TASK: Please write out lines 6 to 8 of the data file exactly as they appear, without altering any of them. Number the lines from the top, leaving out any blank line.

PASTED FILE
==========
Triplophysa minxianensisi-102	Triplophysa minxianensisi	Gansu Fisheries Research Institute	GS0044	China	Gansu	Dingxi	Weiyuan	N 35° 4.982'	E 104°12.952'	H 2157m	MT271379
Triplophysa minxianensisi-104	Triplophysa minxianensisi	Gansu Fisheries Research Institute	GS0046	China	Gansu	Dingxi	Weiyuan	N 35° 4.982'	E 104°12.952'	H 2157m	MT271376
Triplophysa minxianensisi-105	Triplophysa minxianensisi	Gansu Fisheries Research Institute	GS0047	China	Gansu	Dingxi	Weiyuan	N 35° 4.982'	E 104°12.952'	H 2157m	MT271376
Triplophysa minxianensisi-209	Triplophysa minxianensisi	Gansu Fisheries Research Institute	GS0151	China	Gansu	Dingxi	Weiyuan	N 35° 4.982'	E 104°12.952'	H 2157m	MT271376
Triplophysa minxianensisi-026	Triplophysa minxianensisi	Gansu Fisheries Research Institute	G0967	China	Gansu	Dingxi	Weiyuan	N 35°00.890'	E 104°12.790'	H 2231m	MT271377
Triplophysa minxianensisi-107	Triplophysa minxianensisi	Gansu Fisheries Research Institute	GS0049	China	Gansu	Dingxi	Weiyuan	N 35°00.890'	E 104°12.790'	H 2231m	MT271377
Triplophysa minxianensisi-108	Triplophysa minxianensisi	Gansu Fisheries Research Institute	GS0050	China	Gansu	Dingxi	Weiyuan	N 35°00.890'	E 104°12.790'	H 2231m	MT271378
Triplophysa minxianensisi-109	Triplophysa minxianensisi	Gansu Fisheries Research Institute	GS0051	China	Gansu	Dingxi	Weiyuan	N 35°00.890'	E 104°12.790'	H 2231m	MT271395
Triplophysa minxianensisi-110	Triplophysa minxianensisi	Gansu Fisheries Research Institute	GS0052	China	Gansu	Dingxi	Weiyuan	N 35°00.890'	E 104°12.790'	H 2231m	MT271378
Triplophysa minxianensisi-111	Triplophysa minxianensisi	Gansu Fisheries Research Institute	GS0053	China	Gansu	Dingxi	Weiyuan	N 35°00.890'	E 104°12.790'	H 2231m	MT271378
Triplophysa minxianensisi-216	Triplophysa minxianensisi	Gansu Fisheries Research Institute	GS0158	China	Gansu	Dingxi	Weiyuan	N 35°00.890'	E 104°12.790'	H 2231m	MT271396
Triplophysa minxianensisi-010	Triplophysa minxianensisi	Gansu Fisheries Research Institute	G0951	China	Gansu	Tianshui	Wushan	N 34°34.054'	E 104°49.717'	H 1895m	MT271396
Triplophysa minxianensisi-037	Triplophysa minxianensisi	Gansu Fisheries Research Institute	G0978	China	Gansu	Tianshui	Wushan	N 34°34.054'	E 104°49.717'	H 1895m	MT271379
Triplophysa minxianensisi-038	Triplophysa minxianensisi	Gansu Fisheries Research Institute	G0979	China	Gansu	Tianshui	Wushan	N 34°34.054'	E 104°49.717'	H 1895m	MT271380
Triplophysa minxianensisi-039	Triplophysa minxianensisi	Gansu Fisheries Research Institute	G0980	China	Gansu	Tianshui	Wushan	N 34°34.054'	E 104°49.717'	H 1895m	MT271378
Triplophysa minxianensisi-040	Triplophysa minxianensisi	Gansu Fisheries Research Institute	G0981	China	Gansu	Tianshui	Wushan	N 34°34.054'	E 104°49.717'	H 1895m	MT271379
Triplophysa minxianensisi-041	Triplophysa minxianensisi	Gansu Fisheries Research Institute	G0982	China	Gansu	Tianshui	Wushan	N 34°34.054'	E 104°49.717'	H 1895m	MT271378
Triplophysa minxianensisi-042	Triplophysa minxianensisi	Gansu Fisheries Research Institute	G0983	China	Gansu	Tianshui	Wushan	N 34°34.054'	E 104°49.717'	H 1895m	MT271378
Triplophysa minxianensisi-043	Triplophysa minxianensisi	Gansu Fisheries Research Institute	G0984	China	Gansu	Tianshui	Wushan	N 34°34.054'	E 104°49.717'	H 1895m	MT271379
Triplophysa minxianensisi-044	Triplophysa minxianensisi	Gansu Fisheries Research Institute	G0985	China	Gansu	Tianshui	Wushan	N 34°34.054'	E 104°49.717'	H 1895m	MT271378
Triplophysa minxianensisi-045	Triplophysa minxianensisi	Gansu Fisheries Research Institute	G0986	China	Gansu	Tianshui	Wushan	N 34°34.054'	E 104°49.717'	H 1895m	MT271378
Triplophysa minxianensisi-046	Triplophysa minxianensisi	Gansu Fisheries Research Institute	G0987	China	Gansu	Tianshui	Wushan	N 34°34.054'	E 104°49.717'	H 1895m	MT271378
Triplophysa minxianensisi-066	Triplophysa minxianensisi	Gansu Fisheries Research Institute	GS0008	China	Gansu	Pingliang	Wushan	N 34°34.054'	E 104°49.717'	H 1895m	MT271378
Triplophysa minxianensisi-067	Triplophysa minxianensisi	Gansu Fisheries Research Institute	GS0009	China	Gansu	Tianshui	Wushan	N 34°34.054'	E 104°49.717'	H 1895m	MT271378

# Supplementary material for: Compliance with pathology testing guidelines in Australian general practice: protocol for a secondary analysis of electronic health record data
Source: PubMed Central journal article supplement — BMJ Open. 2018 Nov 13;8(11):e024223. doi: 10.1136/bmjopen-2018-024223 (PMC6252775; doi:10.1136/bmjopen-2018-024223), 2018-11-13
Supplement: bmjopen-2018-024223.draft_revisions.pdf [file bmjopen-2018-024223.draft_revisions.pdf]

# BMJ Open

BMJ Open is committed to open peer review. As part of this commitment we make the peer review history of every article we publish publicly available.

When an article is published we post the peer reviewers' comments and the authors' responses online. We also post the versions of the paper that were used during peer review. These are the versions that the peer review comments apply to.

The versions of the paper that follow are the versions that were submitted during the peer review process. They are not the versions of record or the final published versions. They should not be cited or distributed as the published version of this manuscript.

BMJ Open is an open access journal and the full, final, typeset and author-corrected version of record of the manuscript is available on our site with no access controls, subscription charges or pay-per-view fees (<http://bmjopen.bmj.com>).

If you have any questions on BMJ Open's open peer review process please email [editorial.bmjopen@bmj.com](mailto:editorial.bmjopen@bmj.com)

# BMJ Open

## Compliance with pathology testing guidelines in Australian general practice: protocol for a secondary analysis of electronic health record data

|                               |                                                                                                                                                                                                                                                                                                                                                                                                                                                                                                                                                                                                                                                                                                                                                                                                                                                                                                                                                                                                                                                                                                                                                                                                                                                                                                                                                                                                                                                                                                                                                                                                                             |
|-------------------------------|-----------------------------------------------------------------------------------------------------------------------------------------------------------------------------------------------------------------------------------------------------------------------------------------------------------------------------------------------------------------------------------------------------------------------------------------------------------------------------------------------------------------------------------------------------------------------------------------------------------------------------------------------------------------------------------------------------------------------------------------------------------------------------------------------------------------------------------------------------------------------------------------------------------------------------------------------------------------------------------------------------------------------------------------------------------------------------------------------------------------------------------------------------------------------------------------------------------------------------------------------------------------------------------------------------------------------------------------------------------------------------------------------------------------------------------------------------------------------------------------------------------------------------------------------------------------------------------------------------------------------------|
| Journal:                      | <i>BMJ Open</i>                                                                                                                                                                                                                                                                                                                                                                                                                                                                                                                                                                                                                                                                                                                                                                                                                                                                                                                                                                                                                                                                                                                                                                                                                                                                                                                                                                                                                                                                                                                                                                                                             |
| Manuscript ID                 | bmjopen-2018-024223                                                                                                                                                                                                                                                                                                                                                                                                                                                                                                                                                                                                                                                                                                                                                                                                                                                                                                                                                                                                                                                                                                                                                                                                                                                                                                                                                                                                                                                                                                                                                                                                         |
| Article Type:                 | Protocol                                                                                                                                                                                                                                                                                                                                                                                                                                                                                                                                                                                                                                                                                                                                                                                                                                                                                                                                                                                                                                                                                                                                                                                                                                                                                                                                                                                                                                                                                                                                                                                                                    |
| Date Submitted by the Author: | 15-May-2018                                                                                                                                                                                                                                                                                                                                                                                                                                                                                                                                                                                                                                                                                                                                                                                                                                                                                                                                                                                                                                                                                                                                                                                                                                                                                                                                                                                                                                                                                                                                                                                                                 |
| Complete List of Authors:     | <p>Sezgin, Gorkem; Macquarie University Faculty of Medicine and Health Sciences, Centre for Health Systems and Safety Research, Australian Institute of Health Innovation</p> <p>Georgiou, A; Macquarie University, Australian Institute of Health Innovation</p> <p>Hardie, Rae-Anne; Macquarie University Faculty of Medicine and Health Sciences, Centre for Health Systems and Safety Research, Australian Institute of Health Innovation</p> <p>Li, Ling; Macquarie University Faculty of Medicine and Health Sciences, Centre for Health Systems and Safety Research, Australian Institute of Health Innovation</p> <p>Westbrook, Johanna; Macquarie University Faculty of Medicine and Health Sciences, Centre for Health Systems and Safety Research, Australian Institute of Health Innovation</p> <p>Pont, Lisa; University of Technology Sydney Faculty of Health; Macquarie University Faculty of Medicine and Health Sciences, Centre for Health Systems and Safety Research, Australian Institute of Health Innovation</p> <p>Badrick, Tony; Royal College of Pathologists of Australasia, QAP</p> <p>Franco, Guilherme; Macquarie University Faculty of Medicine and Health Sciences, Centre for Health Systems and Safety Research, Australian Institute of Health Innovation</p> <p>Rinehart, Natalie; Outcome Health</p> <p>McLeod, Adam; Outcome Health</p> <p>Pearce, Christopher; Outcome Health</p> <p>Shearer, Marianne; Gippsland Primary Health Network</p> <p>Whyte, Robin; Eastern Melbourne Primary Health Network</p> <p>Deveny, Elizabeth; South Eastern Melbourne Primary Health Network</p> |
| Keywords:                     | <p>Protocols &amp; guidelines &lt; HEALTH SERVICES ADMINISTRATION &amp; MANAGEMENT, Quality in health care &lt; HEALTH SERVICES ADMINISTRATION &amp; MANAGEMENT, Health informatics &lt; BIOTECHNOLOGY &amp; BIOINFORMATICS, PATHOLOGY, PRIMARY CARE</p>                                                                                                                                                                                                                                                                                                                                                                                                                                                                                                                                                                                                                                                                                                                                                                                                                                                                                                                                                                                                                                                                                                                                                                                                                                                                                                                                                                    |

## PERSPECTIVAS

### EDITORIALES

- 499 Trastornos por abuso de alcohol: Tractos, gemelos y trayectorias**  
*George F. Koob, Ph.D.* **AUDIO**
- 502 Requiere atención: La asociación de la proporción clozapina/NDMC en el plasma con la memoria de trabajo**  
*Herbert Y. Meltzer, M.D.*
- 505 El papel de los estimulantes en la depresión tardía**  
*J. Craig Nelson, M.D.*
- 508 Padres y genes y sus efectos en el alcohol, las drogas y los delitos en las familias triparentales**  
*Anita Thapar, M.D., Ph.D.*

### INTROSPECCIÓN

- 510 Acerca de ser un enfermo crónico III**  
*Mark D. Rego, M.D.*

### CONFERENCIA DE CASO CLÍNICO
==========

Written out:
Triplophysa minxianensisi-107	Triplophysa minxianensisi	Gansu Fisheries Research Institute	GS0049	China	Gansu	Dingxi	Weiyuan	N 35°00.890'	E 104°12.790'	H 2231m	MT271377
Triplophysa minxianensisi-108	Triplophysa minxianensisi	Gansu Fisheries Research Institute	GS0050	China	Gansu	Dingxi	Weiyuan	N 35°00.890'	E 104°12.790'	H 2231m	MT271378
Triplophysa minxianensisi-109	Triplophysa minxianensisi	Gansu Fisheries Research Institute	GS0051	China	Gansu	Dingxi	Weiyuan	N 35°00.890'	E 104°12.790'	H 2231m	MT271395